In the fall of 2003 HML/A-167 again headed out to Yuma, AZ to participate in Exercise Striking Hawk, put on by MAG-14. Upon return from Striking Hawk the Warriors were informed that they were going to be supporting Operation Iraqi Freedom in 2004. 167 would again fall under operational control of MAG-16, the original parent MAG of HML/A-167. In preparation for joining West coast and East coast units in Iraq, MAG-16, in conjunction with MAWTS-1, developed an exercise to integrate its various units prior to deploying. HML/A-167 once again crossed the country in Jan of 2004 to participate in Exercise Desert Talon in Yuma, AZ.

In February 2004 HML/A-167 deployed in support of OIF II. The Warriors deployed 18 AH-1Ws, 9 UH-1Ns, and a small detachment of Marines in January aboard the USS Bonhomme Richard. After a CAM flight to Kuwait they met up with their aircraft in the Persian Gulf. On the 22nd of February all 27 aircraft made the transit from Kuwait to Al Asad Iraq. This was the home of HML/A-167 for the next six months. During increased operations in Fallujah in April of 2004, HML/A-167 sent a detachment to help with surge operations from Al Taquddam. The Warriors also operated from three forward operating bases (FOBs), FOB Al Quaim, FOB Korean Village and FOB Kalsu.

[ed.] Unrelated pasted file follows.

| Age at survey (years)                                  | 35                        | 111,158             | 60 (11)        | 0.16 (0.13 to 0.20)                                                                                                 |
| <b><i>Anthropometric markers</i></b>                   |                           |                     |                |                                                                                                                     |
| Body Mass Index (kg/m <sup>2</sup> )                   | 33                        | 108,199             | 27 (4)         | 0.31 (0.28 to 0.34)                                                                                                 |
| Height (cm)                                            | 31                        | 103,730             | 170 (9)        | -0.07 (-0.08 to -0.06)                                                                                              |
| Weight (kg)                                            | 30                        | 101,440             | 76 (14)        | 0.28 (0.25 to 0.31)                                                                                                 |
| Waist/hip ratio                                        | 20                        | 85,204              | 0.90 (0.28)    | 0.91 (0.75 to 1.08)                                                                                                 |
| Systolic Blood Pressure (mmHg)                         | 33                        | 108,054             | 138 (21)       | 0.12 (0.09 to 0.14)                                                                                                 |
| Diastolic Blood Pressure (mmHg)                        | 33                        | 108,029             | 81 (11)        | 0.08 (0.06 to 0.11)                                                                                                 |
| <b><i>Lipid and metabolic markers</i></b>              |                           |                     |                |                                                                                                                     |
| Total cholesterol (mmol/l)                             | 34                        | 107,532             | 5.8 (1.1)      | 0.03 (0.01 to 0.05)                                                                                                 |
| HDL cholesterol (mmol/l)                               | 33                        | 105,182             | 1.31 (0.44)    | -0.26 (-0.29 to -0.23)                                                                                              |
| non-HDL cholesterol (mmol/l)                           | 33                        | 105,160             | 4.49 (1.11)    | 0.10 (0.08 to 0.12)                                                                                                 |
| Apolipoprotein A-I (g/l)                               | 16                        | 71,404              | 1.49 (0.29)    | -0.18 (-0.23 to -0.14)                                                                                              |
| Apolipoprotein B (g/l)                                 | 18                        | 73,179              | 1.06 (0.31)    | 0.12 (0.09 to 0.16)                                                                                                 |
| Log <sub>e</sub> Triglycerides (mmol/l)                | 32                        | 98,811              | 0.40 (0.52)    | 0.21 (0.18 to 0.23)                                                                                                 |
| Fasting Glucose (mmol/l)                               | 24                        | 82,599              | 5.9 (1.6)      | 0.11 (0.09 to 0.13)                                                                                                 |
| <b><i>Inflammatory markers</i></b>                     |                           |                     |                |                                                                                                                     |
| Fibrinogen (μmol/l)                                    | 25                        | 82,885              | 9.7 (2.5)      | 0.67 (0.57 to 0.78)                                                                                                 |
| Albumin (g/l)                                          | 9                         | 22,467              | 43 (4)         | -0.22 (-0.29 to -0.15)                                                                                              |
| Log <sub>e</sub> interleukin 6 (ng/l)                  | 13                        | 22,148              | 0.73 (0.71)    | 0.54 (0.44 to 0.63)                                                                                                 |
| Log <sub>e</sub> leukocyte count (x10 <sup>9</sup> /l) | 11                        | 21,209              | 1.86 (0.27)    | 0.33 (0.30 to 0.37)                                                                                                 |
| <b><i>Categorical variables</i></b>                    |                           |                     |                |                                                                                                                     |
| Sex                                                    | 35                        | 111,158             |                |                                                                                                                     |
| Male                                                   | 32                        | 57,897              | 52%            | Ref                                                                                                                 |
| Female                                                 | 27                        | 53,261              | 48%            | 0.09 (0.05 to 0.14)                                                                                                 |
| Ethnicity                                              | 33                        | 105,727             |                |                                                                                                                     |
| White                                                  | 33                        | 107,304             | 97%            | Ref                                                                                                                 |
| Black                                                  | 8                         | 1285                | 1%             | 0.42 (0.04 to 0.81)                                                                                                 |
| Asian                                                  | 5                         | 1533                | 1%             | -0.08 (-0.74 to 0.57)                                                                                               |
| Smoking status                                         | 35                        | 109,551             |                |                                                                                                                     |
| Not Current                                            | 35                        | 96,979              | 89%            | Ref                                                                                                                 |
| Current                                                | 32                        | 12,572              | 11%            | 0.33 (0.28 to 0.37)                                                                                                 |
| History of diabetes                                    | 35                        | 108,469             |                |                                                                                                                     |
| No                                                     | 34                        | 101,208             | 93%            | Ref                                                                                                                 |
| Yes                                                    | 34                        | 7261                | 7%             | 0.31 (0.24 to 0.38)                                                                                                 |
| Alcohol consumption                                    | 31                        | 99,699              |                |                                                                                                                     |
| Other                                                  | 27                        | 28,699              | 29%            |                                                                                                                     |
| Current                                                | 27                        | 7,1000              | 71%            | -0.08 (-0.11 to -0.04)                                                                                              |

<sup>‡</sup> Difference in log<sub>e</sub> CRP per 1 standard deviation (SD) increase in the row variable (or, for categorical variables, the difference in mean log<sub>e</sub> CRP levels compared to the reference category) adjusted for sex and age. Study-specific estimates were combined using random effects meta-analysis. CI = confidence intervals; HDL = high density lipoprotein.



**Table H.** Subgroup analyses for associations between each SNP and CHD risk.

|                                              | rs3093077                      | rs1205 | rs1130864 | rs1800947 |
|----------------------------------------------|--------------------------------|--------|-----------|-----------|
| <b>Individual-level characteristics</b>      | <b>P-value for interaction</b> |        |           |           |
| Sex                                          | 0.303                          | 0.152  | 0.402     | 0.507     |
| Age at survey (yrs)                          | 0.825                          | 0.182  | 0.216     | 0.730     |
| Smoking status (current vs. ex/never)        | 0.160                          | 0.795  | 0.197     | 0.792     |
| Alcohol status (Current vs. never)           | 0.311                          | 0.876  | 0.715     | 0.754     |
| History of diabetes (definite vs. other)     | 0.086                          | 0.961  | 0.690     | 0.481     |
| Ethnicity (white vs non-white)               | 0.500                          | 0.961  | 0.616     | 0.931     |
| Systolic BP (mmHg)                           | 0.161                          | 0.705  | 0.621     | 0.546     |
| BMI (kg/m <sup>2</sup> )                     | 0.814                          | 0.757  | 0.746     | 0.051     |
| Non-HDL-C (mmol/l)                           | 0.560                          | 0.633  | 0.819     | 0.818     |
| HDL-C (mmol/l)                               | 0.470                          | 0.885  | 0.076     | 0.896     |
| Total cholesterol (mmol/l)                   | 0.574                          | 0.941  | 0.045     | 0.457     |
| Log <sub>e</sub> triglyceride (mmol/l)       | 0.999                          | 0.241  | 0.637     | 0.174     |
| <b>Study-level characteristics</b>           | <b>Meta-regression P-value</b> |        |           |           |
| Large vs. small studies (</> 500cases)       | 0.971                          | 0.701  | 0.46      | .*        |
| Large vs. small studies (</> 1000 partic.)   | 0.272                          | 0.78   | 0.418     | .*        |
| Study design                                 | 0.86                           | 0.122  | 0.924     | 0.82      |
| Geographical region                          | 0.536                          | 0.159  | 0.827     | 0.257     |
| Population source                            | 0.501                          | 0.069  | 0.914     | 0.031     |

At the same time the Warriors were in Iraq, HML/A-167 had a MEU detachment with the 22nd MEU operating out of Afghanistan. The detachment and it’s four Cobras and two Hueys were overhead for many of BLT 1/6’s successful missions. The ACE for the MEU operated out of Khandhar Airfield, outside of Khandhar, Afghanistan and flew in support of Marine, Army, Special Forces, and Afghan National Army operations in southwestern Afghanistan.

On the 22nd of August 2004 the Warriors returned to New River. They fell back under the command of MAG-26. Having left their aircraft in Iraq for follow on units, the Warriors began to reassemble their squadron. The first aircraft delivered to 167 were former UDP aircraft from Okinawa. These were dropped off by a Russian transport aircraft to MCAS Cherry Point. HML/A-167 would eventually accept and transfer over 111 aircraft during then next year.

In November 2004 HML/A-167 transferred to MAG-29, as MAG-26 prepared to deploy in support of OIF. Three months later in, February of 2005, a detachment of the Warriors were again on the road headed to Camp Pendleton to support RCAX 11, 12, and 13. Upon their return many of these Marines comprised the personnel sent to the 22nd MEU for their upcoming deployment.